Ruling party split overshadows political stability in Nepal



Nepalese Prime Minister KP Sharma Oli File photo: Xinhua

Nepalese President Bidya Devi Bhandari dissolved parliament on Sunday at the request of Prime Minister KP Sharma Oli’s office and announced that general elections would be held in April and May 2021 (more than a year ahead of schedule), according to reports. media.

The Nepalese Communist Party (NCP), the ruling party of the country, is currently embroiled in a feud within the party. The Communist Party of Nepal (United Marxist-Leninist) (CPN-UML) and the Communist Party of Nepal (Maoist Center) announced their unification in 2018. Oli and former Prime Minister Pushpa Kamal Dahal are both chairmen. Since the merger of their respective parties, the division of power between Oli and Dahal remains a key issue, with several agreements ultimately not being resolved.

There have been several clashes between the two leaders. These internal disputes seem unlikely to be resolved anytime soon. The two presidents refuse to budge. It was reported in July that Dahal and a majority of the secretariat and standing committee had called for Oli’s resignation as prime minister and president, citing his inability. Oli categorically refused.

In this context, in order to avoid any unfavorable situation, Oli decided to dissolve the parliament and organize new elections. As President Bhandari and Oli were both members of the CPN-UML, Bhandari quickly approved Oli’s request.

When the CPN-UML and the CPN Maoist Center merged, Nepal and the international community expected Nepal to usher in a period of political stability. Previously, frequent changes of government in Nepal seriously undermined the social stability and economic growth of the country. Unfortunately, the country risks relapsing into political instability only after just two years.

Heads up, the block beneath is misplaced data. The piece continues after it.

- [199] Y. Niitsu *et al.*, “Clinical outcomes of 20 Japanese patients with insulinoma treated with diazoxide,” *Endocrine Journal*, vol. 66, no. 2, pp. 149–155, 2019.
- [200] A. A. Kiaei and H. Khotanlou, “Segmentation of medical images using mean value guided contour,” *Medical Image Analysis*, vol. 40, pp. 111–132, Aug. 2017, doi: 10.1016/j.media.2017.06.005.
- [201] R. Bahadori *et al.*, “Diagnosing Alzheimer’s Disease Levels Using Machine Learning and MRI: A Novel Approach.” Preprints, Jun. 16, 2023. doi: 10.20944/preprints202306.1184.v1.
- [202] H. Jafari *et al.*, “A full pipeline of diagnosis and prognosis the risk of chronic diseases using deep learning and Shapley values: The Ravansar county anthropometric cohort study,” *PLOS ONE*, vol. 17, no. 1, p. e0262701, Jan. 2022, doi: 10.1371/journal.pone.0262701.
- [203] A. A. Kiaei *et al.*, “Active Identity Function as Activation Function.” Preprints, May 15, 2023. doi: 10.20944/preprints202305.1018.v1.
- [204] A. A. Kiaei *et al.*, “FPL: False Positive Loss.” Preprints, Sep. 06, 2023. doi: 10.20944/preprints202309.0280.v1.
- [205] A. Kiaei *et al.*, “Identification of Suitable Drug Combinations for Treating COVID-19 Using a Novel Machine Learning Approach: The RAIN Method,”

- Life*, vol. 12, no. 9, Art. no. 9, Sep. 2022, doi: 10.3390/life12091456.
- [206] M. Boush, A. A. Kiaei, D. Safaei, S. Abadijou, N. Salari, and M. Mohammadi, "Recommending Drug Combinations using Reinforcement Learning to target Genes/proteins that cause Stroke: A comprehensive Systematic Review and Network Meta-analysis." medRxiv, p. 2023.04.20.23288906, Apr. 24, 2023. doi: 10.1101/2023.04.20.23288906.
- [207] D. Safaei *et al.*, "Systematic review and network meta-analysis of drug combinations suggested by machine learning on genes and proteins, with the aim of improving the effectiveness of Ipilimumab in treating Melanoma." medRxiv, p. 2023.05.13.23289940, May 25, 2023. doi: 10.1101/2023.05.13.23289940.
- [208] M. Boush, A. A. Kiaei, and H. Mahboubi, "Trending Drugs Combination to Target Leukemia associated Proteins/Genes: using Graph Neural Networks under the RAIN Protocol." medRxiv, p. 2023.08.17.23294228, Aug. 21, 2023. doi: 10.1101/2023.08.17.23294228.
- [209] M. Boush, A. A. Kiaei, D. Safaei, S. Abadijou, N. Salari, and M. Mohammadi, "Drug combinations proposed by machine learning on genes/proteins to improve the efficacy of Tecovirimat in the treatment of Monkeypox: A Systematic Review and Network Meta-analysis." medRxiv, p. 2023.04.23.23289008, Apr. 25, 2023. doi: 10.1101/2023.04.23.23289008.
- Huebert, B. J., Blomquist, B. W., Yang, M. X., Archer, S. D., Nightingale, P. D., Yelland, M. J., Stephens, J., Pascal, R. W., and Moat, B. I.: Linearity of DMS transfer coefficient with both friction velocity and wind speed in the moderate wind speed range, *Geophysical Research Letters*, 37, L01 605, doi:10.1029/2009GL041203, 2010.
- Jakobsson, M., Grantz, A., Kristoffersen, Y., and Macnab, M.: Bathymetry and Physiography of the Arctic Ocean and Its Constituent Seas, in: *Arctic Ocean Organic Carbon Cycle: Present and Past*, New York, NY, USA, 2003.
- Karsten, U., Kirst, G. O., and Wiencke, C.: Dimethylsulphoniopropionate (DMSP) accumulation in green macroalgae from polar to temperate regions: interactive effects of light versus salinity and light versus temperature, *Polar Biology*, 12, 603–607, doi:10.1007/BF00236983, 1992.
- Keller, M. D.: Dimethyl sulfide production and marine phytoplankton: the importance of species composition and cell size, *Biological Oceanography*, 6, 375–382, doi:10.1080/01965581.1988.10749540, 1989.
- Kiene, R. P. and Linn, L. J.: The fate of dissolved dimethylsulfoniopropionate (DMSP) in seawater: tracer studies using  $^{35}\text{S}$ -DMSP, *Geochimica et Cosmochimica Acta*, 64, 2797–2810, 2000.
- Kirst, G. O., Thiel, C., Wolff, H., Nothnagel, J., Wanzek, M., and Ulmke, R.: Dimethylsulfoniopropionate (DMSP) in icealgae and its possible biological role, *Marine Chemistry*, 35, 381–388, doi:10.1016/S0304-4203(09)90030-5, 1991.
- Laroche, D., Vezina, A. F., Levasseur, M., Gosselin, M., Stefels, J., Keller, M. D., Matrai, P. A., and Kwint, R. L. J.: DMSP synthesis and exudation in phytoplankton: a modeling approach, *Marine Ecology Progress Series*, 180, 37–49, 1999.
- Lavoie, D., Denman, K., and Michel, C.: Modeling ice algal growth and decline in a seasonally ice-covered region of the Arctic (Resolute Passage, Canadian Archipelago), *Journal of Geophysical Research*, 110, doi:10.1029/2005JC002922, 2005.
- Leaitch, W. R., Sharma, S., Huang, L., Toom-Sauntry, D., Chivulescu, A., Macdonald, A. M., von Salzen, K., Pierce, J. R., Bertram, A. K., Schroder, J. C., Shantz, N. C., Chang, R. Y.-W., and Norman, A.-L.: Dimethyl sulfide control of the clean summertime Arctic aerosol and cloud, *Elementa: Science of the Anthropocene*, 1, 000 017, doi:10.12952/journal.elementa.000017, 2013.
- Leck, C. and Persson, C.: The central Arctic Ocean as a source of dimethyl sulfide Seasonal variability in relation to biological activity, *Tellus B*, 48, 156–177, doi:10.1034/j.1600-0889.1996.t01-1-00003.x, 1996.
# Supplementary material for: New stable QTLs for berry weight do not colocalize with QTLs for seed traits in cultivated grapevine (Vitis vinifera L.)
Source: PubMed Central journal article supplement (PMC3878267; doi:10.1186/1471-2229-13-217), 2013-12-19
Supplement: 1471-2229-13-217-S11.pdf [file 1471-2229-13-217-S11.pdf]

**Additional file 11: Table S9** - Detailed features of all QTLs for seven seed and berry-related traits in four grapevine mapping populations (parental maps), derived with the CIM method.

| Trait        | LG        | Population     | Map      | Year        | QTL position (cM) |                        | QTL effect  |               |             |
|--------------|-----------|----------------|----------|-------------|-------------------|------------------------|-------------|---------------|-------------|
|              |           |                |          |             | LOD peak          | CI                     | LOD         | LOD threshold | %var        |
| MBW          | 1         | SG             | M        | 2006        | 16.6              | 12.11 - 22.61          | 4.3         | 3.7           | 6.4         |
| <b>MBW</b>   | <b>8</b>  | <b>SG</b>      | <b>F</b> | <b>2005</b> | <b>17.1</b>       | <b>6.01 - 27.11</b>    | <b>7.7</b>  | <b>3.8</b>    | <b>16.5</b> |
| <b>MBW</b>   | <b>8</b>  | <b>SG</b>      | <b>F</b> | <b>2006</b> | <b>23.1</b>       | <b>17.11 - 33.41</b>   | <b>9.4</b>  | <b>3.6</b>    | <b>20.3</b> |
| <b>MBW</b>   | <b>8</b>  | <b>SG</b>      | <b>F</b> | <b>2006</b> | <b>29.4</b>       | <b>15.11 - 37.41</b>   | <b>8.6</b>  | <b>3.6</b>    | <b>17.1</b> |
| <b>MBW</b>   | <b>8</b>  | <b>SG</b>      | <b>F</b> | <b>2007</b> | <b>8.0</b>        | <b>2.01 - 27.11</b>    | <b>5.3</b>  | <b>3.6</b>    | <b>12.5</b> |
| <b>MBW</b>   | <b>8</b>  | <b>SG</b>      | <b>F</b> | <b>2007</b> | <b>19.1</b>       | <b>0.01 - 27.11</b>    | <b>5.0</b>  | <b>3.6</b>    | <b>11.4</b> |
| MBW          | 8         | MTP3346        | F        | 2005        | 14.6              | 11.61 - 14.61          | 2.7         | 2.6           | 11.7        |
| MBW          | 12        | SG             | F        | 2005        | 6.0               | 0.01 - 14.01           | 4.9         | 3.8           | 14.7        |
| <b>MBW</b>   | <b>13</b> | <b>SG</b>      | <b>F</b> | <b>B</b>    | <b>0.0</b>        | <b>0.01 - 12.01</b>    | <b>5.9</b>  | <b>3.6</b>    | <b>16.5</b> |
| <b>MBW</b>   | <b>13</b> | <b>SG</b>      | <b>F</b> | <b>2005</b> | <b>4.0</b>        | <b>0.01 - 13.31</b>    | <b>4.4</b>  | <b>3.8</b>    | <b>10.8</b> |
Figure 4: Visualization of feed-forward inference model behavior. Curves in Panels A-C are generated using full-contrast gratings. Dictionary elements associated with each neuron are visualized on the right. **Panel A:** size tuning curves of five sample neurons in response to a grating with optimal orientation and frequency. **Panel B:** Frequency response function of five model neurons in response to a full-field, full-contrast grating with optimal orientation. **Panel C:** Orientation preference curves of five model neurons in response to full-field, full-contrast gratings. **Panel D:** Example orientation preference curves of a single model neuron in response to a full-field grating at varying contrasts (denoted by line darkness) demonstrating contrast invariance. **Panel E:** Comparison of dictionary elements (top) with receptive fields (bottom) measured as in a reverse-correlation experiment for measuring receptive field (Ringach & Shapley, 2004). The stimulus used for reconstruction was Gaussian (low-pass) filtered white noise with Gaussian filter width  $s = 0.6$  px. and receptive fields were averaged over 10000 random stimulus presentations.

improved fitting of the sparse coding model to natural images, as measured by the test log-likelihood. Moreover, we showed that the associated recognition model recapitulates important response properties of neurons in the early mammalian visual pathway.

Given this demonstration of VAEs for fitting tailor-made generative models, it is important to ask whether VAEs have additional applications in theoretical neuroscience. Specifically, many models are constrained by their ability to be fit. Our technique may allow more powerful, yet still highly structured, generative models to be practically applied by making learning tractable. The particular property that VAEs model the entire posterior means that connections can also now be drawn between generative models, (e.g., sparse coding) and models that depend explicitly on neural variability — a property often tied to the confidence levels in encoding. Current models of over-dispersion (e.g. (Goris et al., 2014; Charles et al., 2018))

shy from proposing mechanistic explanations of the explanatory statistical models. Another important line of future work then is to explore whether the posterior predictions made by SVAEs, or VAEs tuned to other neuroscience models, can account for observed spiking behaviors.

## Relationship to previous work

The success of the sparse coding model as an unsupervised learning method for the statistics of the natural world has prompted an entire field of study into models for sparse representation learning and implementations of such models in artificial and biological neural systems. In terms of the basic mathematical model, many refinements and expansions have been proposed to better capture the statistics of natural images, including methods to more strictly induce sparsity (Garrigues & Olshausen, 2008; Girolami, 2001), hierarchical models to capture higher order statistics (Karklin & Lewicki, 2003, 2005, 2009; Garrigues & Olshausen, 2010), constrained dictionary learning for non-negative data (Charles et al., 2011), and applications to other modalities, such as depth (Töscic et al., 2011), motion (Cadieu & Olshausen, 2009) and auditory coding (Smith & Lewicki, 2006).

The results show that the merger of the two Nepalese communist parties has not yet been fully achieved. The forces led by Oli and Dahal could split the current Communist Party into two parties. This is unfavorable to the political stability of the country and to the Communist Party as a whole. A third party, like the Nepalese Congress, a social democratic political party in Nepal, can profit from this chaos.

The dissolution of parliament can also cause great upheaval. Elections will take place in the first half of 2021, and the outcome will be very uncertain. If the NCP divides, the voices of the different forces will become very dispersed. Nepalese politics could fall back into a former state of uncertainty and instability.

No party in the country will be able to win more than half of the seats in parliament. A coalition government will emerge, as before, which will lead to an unequal distribution of interests. Defection could occur at any time, resulting in a short-lived government.

When the Hindustan Times newspaper covered this news, it made an effort to link the situation to China, noting that this situation “also hurts China.” He also accused China of interfering in Nepal’s internal affairs and internal Communist Party disputes.

The post appears to have a long-term tactic to drive a wedge between China and Southeast Asian countries. China does not interfere in the internal affairs of Nepal – or any other country for that matter.

Of course, China hopes Nepal can have a stable government that doesn’t change too frequently for everyone to benefit. This also includes Sino-Nepalese relations.

In fact, China has no preference as to the identity of the ruling party, but only hopes that Nepal will have a stable government. China has not aided, coerced or pressured any ruling party in Nepal. It was India that put pressure on Nepal, in particular by setting up a blockade. China’s coordinating role should not be seen as interfering in Nepal’s domestic politics. The accusations on the Indian side are baseless.

Indian media often provoke Sino-Nepalese relations, but it will not send big waves. Nepalese politicians fully understand the importance of cooperating with China. The incisive maneuvers of certain Indian media are doomed to failure.

The author is a senior researcher at the Academy of Regional and Global Governance, Peking University of Foreign Studies and President of the Chengdu Institute of World Affairs. [email protected]

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